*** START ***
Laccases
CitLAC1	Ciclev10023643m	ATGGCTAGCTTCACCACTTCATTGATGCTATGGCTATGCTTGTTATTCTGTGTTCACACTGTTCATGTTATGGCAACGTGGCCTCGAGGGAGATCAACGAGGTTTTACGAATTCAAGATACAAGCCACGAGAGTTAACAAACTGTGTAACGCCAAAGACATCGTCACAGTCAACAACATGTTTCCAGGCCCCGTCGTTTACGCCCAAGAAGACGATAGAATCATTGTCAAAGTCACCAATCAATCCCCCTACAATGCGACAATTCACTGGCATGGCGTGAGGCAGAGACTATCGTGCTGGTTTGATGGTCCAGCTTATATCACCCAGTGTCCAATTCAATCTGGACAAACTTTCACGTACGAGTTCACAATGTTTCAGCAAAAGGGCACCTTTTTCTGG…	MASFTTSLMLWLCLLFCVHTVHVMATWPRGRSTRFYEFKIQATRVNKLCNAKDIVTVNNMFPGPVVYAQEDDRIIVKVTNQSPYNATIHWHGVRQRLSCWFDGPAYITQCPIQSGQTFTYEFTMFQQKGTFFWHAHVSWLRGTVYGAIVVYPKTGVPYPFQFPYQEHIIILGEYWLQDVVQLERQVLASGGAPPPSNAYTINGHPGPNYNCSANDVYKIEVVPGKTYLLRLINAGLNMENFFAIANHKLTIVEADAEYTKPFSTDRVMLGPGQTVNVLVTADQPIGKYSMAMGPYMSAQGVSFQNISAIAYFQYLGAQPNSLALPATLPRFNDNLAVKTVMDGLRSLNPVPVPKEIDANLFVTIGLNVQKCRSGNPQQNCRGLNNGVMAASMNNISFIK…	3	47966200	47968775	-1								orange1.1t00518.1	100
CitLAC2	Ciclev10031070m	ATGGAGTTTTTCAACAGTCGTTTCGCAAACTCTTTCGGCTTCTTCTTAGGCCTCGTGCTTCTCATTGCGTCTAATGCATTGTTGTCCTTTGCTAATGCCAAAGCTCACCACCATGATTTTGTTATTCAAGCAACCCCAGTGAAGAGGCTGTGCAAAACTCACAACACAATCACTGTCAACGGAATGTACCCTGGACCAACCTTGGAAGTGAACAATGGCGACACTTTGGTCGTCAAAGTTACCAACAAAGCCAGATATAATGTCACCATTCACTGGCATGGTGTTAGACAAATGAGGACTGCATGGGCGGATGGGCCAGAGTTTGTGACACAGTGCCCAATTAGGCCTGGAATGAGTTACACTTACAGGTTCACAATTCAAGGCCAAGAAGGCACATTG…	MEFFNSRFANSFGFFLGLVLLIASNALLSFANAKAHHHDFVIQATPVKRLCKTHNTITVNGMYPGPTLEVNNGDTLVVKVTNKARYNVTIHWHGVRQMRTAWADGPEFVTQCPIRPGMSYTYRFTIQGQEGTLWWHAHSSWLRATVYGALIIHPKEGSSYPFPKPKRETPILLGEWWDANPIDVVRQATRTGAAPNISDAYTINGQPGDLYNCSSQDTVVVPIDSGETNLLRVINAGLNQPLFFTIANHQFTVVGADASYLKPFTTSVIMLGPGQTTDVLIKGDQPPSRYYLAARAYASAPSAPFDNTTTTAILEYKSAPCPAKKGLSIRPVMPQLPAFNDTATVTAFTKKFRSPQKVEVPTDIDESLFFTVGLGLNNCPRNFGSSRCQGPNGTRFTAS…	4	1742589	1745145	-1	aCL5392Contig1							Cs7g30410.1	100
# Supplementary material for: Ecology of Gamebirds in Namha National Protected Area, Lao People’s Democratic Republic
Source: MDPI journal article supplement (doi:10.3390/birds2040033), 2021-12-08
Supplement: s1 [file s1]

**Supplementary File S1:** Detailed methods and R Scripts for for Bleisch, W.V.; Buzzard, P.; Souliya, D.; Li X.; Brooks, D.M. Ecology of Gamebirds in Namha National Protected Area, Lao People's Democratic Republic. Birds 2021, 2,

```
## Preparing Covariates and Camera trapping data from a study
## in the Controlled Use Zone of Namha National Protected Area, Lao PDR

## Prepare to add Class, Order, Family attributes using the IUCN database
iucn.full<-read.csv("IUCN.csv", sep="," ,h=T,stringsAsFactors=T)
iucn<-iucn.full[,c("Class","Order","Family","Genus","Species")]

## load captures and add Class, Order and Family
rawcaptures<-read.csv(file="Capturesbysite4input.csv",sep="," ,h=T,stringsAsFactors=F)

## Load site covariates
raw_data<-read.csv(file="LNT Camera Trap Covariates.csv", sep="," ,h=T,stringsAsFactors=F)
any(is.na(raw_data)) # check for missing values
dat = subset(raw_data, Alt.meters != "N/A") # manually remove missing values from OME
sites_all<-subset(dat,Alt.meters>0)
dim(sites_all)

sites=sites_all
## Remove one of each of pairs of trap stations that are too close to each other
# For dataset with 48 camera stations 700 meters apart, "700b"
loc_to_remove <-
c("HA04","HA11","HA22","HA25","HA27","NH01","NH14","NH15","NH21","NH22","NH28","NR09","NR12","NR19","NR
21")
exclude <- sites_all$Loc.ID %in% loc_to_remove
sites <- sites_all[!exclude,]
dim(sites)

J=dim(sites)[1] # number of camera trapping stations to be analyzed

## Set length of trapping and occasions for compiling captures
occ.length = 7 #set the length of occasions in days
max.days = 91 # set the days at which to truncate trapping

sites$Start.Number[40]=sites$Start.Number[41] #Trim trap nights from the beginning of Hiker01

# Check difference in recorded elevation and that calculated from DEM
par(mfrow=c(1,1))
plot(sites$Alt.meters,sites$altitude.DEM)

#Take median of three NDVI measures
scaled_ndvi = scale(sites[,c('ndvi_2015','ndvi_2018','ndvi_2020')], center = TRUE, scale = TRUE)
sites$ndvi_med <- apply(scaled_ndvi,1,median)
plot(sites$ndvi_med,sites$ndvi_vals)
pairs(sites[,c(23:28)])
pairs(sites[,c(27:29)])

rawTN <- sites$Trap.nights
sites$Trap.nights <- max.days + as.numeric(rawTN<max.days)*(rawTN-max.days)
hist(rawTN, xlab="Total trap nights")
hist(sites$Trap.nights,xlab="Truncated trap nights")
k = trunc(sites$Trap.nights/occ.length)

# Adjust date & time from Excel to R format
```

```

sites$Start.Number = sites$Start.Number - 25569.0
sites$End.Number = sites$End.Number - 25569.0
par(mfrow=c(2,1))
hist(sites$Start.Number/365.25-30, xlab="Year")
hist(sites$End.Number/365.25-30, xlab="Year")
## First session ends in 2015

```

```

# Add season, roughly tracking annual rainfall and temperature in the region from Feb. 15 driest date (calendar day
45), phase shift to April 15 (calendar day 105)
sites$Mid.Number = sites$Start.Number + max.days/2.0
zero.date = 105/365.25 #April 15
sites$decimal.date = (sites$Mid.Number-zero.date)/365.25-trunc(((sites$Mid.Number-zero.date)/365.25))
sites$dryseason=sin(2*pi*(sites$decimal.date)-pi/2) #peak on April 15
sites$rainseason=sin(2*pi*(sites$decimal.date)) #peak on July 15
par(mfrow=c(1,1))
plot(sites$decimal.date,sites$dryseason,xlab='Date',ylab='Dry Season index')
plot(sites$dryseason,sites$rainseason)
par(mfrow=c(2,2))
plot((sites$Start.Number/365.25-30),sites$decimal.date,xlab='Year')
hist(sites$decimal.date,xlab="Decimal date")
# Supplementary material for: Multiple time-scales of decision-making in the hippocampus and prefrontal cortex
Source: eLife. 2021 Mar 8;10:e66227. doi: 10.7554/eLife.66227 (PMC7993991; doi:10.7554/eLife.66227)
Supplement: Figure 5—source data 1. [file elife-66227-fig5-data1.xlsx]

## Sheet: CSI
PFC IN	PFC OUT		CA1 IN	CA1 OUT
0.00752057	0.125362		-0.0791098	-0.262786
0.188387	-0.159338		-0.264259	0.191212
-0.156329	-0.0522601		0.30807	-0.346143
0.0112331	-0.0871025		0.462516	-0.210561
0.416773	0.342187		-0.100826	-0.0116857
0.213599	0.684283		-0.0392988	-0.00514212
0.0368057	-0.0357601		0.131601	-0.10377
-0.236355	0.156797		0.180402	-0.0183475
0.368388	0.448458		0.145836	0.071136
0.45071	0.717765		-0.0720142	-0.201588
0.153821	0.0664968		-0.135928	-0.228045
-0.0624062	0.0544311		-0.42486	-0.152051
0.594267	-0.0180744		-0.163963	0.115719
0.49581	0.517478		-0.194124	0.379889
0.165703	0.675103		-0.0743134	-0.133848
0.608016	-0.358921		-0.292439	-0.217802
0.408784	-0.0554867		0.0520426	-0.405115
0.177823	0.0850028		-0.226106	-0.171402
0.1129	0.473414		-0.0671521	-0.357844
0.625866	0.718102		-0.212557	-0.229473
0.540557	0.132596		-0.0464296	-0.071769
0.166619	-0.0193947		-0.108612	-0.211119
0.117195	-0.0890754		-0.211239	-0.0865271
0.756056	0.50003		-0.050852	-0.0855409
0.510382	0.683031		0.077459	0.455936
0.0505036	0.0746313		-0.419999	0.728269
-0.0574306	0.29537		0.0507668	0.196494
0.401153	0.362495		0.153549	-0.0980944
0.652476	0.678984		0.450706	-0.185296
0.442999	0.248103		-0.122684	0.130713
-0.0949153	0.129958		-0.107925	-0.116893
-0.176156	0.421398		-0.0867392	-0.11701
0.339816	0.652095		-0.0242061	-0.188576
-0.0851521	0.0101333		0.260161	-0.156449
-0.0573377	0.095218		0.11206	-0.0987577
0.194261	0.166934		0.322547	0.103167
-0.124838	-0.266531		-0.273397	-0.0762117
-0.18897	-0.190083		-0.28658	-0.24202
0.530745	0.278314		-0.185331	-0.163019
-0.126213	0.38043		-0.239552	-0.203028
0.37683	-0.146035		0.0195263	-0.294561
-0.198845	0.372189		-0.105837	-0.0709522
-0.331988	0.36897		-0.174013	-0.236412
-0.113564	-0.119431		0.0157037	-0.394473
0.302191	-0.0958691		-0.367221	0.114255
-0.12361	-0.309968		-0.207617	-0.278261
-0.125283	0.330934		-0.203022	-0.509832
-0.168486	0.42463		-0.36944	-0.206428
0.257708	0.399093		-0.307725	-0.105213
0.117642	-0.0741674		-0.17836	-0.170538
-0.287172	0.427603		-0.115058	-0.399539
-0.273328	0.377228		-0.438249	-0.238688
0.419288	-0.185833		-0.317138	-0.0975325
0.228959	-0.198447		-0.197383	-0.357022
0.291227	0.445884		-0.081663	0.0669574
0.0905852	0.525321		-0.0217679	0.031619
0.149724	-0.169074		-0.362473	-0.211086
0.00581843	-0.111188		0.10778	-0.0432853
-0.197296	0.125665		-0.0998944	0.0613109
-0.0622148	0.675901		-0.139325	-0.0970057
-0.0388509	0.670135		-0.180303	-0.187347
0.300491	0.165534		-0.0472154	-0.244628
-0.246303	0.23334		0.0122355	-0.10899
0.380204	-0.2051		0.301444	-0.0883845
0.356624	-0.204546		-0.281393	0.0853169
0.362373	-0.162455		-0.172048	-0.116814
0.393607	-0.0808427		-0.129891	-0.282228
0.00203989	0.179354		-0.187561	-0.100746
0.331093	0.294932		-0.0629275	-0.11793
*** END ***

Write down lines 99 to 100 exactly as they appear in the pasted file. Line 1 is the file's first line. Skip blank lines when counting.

0.540557	0.132596		-0.0464296	-0.071769
0.166619	-0.0193947		-0.108612	-0.211119